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all belong to one species. The species I’m tentatively calling amerivirosa is very large. You’ll need the spore shape to separate them, but that works rather well.
I see this sort of big white chunky destroying angel commonly from several sites around Wisconsin in the autumn and likely they’re all the same. I have smelled them…but never really got a garlic odor. There is a foulish-spicy smell to them to be sure. As winter is bearing down on us it’s unlikely I’ll get a chance to sniff again until next season. I seem to recall posting one or two other observations here on MO of very similar mushrooms. Thanks!
to correct the name of the species for the present observation.
The DNA was very convincingly a match for suballiacea and not sp-O01. The images are more slender than I have grown to expect for the latter speices. Also, the spores of this material should be broadly ellipsoid on average rather than subglobose on average.
Thanks again for sending the material.
This material has been recieved and accessioned to Rod’s herbarium. We have scheduled it for DNA sequencing.
Just a matter of scale…I suppose.
Was it Edward Teller who made a famous quote (upon seeing his creation detonated in a huge mushroom cloud) about becoming a destroyer of worlds?
Comments have an inherent psychological oddity on MO.
I just realized that on all my comments an option is offered:
“R. E. Tulloss [Edit | Destroy]”
Maybe I should feel more threatened?
DNA sorting is a very useful thing. No doubt. However, you and others are customers of taxonomy that need clues that deploy the skills of the naked eye, the hand lens, and the microscope.
You shouldn’t be satisfied with the current state of affairs regarding recognition of taxa that are “sorted” into “observable reality” by DNA sequences.
For taxonomists to do the job for all their customers, we need physical details…lots of them…in order to be able to offer people the possibility that they will someday be able to sort out such groups as the destroying angels. I think there is some progress…although the sample sizes are still small. We need size measurements to go with well-photographed collections. Etc.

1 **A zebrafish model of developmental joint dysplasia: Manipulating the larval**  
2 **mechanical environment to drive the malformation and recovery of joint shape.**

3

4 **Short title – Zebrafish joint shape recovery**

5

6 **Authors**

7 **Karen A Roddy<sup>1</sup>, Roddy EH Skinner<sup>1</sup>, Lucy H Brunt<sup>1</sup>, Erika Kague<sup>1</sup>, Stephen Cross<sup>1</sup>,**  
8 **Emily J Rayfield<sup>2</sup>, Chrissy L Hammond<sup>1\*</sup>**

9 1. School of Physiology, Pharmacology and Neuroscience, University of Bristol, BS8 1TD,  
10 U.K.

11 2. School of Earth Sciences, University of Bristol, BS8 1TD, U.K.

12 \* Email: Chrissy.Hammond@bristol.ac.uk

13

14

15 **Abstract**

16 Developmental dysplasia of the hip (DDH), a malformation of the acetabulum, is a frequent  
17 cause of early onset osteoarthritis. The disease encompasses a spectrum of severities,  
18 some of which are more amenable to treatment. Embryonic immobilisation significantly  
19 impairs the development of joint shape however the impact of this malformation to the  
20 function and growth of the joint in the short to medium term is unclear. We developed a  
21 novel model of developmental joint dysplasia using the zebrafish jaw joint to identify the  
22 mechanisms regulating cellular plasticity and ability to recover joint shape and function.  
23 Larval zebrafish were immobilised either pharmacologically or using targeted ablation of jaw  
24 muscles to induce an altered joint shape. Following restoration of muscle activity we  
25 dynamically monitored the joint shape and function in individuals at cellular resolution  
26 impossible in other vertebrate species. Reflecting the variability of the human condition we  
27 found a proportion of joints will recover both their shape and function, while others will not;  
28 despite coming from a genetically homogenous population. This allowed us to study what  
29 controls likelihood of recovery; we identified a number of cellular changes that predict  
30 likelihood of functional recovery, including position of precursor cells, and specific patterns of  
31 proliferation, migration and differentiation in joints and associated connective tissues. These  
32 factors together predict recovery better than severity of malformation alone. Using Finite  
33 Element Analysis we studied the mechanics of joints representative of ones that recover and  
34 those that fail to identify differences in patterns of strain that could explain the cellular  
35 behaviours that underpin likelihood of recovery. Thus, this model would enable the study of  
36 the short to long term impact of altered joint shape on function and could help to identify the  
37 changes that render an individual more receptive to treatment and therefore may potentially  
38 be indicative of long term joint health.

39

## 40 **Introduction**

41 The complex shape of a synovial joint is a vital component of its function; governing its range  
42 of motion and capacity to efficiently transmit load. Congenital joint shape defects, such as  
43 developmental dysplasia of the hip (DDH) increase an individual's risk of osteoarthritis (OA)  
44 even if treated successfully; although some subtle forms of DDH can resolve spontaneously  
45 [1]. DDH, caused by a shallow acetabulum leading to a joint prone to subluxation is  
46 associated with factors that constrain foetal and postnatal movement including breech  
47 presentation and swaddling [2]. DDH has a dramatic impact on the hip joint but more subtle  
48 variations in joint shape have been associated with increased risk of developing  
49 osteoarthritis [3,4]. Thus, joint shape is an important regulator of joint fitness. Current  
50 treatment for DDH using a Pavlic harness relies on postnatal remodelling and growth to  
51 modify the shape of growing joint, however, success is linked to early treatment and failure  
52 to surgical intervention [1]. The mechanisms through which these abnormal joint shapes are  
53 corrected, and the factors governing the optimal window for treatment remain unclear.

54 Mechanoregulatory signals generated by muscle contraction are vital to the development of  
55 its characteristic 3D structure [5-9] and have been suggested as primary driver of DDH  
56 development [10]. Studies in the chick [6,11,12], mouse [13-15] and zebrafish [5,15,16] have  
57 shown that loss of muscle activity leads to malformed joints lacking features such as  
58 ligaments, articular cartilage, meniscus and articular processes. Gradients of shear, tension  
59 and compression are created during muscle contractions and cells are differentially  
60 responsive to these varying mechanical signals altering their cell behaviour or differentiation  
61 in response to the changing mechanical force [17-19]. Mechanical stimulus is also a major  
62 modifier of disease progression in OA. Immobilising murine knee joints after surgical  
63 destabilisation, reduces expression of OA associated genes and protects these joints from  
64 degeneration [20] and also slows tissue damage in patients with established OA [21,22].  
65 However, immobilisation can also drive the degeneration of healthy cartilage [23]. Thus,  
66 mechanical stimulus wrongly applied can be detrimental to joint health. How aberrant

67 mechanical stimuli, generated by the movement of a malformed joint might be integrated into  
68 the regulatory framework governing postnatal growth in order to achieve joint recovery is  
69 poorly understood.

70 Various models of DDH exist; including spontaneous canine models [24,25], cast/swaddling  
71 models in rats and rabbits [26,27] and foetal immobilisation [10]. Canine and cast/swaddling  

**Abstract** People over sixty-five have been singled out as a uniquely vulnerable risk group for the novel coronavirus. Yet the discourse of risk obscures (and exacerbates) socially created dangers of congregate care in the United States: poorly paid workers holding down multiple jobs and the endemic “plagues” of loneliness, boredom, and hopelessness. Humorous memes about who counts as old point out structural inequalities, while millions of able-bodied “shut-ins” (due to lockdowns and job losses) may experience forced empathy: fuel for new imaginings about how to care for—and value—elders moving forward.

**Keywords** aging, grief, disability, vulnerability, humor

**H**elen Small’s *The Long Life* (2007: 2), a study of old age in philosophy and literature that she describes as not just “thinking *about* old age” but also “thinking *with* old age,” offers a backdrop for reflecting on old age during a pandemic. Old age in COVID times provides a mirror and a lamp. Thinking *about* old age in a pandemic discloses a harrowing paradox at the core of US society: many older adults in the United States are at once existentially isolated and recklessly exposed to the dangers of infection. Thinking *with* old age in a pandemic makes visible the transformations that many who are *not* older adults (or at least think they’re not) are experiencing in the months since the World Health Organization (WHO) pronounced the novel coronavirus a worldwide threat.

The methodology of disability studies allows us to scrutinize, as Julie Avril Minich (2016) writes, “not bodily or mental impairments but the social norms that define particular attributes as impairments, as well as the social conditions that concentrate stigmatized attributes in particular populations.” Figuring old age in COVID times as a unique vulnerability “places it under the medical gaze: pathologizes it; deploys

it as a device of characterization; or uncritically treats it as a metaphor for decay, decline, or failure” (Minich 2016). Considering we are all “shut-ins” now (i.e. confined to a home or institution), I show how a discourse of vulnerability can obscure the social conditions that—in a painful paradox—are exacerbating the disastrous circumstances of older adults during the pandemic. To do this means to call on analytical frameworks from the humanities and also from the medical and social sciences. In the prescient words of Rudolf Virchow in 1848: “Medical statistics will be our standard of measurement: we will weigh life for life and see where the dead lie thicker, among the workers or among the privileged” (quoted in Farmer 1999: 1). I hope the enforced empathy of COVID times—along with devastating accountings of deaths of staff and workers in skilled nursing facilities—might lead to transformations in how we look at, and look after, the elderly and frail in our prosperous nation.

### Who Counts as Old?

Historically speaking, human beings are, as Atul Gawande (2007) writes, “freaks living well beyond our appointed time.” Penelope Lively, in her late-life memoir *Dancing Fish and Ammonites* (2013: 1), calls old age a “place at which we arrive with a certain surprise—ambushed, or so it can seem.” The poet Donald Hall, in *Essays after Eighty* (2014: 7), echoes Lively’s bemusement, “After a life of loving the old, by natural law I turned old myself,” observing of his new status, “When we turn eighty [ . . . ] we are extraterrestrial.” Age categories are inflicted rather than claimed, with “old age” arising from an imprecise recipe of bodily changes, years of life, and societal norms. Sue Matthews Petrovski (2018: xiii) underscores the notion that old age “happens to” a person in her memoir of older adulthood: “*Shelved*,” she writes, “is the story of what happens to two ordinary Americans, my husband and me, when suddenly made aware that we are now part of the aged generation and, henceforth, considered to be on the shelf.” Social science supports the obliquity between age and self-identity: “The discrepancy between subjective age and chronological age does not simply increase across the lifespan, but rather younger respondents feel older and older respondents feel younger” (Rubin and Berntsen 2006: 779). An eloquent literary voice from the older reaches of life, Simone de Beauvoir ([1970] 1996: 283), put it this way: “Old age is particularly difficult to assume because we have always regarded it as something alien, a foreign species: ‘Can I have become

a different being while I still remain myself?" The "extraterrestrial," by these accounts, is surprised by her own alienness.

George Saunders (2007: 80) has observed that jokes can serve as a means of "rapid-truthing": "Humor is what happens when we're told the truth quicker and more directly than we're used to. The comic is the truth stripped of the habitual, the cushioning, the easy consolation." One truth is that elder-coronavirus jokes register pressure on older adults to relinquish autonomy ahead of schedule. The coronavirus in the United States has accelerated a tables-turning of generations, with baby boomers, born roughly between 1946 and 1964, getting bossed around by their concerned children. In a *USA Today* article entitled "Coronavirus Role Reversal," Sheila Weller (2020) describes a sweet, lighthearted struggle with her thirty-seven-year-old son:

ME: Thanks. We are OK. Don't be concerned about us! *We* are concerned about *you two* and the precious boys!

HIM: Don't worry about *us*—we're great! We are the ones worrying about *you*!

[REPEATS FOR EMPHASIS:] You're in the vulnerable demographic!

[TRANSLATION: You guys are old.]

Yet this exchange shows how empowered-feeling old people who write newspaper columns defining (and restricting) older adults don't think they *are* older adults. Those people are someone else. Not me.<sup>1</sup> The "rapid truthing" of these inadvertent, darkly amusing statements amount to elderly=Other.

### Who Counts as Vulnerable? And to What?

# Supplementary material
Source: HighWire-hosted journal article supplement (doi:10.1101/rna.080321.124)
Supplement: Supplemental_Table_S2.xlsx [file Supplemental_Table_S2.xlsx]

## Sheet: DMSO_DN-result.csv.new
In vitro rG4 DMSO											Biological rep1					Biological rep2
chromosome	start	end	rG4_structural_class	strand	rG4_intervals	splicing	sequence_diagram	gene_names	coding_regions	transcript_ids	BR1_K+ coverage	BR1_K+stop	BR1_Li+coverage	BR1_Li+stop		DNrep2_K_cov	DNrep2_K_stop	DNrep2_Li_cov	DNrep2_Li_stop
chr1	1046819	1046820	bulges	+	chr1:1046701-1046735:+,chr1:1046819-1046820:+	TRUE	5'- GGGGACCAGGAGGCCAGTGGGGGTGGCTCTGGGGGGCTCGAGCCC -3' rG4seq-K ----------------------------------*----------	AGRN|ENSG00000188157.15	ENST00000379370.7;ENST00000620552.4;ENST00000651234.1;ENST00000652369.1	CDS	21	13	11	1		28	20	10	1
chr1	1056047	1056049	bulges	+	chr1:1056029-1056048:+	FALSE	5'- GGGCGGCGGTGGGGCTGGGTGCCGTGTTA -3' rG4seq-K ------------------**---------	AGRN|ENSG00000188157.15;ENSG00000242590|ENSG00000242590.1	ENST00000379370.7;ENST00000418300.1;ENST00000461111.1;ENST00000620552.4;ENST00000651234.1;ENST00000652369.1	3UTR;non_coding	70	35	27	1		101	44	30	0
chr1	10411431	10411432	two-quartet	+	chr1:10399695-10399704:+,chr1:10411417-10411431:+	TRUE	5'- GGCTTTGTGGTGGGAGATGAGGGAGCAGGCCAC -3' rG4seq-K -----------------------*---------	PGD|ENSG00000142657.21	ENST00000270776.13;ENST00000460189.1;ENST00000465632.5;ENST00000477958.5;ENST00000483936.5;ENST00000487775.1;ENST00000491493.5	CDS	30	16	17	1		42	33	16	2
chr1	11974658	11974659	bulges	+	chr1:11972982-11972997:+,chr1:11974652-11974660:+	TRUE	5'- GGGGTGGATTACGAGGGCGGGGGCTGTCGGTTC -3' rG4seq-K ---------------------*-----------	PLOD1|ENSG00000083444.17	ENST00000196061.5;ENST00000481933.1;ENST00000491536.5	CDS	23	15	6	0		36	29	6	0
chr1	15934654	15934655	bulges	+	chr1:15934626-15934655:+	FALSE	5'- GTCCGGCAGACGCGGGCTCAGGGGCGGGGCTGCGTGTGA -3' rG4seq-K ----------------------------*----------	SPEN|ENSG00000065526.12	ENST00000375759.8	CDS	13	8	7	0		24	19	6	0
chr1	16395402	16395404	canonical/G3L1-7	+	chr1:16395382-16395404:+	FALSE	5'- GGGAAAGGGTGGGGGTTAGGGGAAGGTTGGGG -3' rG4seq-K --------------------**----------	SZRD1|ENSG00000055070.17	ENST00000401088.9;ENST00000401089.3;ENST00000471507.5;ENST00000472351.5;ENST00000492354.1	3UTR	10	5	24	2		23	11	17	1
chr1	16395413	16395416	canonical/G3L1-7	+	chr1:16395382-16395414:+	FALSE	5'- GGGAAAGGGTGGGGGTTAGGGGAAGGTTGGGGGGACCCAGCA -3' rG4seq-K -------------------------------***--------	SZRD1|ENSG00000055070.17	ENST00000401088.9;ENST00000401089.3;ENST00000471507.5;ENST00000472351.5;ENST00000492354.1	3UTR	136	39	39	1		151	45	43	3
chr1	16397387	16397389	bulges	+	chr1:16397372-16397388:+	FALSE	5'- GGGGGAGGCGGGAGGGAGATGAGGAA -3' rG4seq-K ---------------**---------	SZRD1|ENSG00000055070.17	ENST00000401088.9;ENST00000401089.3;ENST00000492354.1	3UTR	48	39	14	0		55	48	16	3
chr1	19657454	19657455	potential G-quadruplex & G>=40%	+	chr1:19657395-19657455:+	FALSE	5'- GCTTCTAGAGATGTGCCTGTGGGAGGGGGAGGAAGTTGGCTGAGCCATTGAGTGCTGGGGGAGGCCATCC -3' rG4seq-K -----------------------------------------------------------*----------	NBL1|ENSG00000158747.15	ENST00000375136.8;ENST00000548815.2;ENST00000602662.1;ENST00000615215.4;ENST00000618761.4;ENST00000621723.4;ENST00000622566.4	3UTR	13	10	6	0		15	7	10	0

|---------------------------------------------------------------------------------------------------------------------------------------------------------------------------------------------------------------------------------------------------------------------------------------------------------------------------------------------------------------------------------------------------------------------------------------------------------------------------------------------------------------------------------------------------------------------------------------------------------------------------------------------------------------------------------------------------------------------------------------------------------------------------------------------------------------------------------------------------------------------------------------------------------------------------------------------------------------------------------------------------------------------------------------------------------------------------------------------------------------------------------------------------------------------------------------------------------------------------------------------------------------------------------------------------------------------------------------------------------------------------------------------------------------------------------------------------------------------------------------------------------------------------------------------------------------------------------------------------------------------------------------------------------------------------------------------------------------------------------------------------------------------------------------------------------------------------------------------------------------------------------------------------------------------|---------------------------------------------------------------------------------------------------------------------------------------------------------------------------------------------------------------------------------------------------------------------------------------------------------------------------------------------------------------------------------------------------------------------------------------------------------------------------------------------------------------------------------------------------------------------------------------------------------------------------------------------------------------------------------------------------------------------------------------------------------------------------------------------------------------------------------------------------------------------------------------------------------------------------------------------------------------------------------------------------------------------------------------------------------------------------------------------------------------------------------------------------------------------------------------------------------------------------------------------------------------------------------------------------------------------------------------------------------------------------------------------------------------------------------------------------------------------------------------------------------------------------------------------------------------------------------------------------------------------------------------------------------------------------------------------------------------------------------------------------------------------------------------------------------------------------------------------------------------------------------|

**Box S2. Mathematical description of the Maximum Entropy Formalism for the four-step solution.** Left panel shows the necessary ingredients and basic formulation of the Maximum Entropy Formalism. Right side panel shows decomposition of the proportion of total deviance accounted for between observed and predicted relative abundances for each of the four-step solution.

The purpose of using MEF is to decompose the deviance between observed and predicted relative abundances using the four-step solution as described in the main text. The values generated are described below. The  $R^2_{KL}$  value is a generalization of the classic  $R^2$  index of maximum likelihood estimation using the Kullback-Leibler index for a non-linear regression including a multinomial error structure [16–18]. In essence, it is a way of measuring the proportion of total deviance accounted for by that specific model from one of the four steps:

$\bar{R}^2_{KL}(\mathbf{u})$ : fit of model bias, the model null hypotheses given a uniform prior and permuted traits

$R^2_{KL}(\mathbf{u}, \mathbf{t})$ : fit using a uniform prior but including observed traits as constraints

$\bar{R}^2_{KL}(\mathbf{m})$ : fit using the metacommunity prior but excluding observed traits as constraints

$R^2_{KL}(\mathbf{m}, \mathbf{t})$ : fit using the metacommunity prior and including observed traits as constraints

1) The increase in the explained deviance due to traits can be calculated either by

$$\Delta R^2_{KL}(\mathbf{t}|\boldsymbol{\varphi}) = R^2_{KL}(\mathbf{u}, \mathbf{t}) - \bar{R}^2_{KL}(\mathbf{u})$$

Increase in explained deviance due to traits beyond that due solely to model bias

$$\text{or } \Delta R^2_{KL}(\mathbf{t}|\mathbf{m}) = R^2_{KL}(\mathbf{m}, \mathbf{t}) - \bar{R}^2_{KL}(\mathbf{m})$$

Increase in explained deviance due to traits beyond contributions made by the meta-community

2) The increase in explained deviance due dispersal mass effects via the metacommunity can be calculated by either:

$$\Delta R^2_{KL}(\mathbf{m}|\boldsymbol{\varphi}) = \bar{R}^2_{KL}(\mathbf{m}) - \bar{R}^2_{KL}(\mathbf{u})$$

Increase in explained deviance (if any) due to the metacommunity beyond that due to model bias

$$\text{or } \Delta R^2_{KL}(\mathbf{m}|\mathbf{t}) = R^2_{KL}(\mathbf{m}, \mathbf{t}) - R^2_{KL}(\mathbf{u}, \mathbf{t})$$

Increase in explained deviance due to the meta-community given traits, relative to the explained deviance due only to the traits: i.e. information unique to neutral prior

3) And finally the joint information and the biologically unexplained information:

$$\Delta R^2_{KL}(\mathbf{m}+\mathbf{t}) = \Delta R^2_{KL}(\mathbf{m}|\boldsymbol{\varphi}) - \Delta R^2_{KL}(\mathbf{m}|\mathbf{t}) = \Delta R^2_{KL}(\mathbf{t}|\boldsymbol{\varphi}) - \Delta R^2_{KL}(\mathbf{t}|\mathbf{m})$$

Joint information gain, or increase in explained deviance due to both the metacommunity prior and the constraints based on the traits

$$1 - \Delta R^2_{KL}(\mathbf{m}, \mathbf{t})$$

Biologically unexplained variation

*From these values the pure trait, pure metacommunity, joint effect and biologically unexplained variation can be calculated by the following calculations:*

Nowadays, a large percentage of the new material for my herbarium comes from people other than myself. I do not get a chance to write descriptions on the fresh material. This is something that can only come from collectors with the time to do the job…which, I know, isn’t everybody.
about the spore sizes of spO01 and bisp04. Rod, this collection is new, not the material I’d recently mentioned being examined chemically. However I see this mushroom in WI and elsewhere in the upper midwest several times each year. If your seq analysis gets a handle on this, I’ll be MOST delighted to call it by an accurate and reliable name once and for all. Until then I’ll just keep collecting from all over and save for you until you tell me to cease and desist. Hope you’re feeling better soon!
I recently posted comparative sporographs for taxa that have been called bisporigera or (years back) virosa in eastern North America. Feeling a bit under the whether today; so please excuse if I guess wrong on the following:
The comparative sporographs (all with data streamed from the relevant species pages to keep the graphs up to date) can be found on one of these pages:
I gather that these are pictures related to the amanitin assays about which you wrote to me?
Or is this something new?
At any rate, we’d certainly like to take a shot at identifying the material.
Created: 2014-09-21 14:37:10 EDT (-0400)
Last modified: 2015-10-17 19:27:22 EDT (-0400)
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